“Nothingness ceases to exist when all that is not the man is added to the man. This is when he seems to be himself.”
— Hans Bellmer
Wilderness. It’s dangerous, full of lurking unknown forces, some with teeth. This is what the natural world has become, a place to fear and avoid. Yet, are we any safer on the average inner city street late at night?
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Some children have never seen the stars; urban light pollution obscures their sky. Many of them also have no clue where food comes from, other than fast food restaurants and grocery stores. Animals are pets, with the wilderness domesticated out of them. Adventures come from screens and mobile devices and friendships live on Facebook.
The living environment is a blurred backdrop, vaguely present “out there” while we text and game and traverse between encounters with superficiality as fleeting as the nutrition in junk food and the depth of on-line relationships.
But life is inexorable and, usually without warning, intrudes to explode this spell. So many of us have stories to tell and for the most fortunate of us they are similar to what author Stephen Harrod Buhner further describes:
“Once you are touched by a living intelligence from out there, you are changed. It is nearly impossible not to be. The living reality of that experience works on the self, undermining the old paradigm, and you begin to, more and more frequently, step outside the normal habituated boundaries of the Western world. You begin to enter an older, wilder, less–domesticated world, the place barbarians inhabit, where the hair begins to grow long, where wild lights begin to gleam in the eye. You begin to enter the wilderness that still lies underneath the concrete of the civilized world.” 1
Epiphanies can be infectious. The transformation this awakening to wilderness-as-home generates affects others. Remember meeting someone who had been reabsorbed back into the all of it? They exerted an invisible influence, a presence that took you into that mystery through them. Buhner explains this phenomenon: “Through the lives of those whose boundaries have thinned, we catch glimpses of the shimmer of infinity in the face of the other, catch glimpses through the doors of perception of the metaphysical background of the world.” 2
This is where we live, all of us, we’ve just forgotten. Awakening, enlightenment, does not point to knowing more in isolation; we awaken to oneness and it feels something like what Buhner so poetically described. Ironically, so much of spiritual searching is conducted in isolation. Meditation is traditionally done with eyes closed and in quiet, sequestered away from the world in order to calm the mind, to order the thoughts, and dive deep into an inner world of peace.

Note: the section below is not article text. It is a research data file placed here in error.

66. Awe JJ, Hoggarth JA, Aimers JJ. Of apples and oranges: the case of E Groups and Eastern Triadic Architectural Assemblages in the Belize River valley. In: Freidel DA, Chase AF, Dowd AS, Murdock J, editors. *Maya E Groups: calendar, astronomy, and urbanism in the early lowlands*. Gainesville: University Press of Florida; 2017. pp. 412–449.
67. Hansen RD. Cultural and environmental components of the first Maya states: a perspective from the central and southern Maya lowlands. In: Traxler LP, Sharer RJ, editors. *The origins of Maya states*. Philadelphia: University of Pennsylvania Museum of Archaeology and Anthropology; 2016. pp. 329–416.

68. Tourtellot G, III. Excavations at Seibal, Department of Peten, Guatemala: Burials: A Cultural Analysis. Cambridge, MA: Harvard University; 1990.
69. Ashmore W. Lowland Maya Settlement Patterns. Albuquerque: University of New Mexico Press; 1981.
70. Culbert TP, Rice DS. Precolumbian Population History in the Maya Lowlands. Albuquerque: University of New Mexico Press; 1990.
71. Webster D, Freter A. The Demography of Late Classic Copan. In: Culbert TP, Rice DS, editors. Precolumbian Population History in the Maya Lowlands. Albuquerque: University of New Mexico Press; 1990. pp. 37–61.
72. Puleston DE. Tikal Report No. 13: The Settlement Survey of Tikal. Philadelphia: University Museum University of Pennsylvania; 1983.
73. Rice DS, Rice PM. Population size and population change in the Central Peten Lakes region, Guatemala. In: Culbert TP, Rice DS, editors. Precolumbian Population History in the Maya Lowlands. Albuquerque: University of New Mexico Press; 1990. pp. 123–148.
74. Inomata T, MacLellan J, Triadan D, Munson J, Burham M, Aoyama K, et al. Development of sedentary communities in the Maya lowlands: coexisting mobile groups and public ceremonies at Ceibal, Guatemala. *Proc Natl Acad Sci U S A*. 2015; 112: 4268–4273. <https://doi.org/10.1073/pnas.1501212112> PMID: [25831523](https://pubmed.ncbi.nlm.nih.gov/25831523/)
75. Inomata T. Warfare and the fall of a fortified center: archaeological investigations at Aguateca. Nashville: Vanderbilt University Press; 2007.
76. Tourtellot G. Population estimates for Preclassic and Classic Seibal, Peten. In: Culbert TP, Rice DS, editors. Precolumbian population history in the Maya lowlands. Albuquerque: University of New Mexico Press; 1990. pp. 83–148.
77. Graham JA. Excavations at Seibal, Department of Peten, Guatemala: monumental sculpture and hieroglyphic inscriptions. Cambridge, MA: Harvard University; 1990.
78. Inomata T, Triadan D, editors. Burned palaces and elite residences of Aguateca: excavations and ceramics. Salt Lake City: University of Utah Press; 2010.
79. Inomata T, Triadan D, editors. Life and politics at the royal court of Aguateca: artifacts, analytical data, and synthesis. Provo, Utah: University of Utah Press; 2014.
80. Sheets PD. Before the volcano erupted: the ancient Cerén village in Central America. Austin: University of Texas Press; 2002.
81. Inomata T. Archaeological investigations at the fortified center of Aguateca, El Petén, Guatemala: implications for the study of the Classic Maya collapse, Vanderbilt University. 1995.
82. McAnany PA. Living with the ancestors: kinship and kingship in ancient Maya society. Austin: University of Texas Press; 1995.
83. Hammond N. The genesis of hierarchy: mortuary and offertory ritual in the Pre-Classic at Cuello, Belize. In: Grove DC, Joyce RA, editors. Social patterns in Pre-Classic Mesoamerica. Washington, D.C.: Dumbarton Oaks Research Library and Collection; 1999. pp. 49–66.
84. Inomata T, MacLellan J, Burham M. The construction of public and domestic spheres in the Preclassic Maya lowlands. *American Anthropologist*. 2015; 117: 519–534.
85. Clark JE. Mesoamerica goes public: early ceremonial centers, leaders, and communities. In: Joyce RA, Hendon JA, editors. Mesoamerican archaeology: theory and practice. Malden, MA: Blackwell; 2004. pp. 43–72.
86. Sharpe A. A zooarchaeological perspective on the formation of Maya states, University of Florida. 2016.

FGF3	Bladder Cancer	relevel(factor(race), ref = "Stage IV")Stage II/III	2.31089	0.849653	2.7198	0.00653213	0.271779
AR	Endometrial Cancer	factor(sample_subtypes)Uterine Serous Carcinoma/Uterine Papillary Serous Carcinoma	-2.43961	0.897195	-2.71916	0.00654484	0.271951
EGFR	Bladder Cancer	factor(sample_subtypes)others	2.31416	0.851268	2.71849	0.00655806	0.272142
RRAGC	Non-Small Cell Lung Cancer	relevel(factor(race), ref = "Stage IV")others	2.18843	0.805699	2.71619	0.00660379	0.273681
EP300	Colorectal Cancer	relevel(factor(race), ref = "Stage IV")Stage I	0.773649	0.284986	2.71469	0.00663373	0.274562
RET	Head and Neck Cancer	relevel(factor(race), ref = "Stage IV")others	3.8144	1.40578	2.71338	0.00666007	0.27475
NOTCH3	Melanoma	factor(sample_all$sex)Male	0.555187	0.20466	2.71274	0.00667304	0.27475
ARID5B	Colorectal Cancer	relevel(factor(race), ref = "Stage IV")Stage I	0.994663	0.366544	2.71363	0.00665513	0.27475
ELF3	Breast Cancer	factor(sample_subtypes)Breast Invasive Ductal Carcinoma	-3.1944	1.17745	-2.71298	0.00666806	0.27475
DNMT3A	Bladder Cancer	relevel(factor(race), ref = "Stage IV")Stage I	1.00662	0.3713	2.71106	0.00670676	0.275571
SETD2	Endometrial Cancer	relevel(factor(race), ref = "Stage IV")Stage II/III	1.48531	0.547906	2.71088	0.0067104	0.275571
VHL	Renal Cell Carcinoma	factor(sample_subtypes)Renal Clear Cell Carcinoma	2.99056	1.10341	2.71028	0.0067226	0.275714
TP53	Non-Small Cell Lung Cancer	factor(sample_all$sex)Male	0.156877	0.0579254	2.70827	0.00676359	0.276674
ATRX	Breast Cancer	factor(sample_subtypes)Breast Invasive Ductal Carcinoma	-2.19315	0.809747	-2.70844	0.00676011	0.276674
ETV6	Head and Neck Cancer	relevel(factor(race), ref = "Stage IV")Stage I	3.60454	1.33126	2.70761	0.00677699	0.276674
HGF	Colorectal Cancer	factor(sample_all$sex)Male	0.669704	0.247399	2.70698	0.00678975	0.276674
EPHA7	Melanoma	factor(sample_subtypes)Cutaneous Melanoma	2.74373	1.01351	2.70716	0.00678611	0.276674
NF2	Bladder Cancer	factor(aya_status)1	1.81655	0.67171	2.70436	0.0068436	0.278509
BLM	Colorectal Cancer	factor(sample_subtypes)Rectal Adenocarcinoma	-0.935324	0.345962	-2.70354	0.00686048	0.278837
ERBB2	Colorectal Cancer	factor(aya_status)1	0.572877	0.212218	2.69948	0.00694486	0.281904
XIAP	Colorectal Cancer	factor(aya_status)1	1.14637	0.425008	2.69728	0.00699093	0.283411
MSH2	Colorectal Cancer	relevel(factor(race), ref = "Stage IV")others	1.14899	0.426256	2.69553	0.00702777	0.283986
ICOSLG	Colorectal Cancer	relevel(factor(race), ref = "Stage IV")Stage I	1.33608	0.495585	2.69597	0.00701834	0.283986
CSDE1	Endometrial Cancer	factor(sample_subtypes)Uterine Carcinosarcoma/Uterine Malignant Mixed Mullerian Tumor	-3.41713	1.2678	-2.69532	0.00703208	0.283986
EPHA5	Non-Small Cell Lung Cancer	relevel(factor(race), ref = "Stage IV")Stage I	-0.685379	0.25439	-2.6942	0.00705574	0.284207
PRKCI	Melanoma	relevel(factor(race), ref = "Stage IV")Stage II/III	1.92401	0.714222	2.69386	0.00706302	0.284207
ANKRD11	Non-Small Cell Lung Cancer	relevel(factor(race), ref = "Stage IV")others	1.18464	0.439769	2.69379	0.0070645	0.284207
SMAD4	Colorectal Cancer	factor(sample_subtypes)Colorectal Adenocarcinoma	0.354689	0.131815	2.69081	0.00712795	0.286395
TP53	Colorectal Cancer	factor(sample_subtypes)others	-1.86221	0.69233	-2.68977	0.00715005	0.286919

Wonderful. But if this produces an escapist mentality, if it inadvertently strengthens our addiction to separateness, is that really enlightenment? Or is it just a brighter form of delusion?
We are not separate from the physical world. We have bodies. There is nothing wrong with having a body; it is not a less evolved state. Our goal is not to jettison our bodies and become pure spirit. That’s an imagination and there’s no proof — except in beliefs — that this has ever been or ever will be true. We can speculate all we want and even access the gift of authentic visionary wisdom, but none of it should further empower our separateness from the actual world where we live.
This is our home and it’s meant to be wild. Wild doesn’t mean dangerous, it means untamed. And that which is untamed, that which is truly wild, is attractive beyond rationality. Wild contact reminds us of who and what we are at our core and can compel our explorations towards a new but familiar experience of connection and belonging, where one might honestly say not just, “I am at home in the wilderness,” but, “I am the wilderness.”
Bellmer wrote, “Nothingness ceases to exist when all that is not the man is added to the man. This is when he seems to be himself.” That dangerous other we have called wilderness and avoided in fear contains all that is not the isolated man. Add that and we may become whole.
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1. Plant Intelligence and the Imaginal Realm, Stephen Harrod Buhner, page 357
2. Ibid, page 361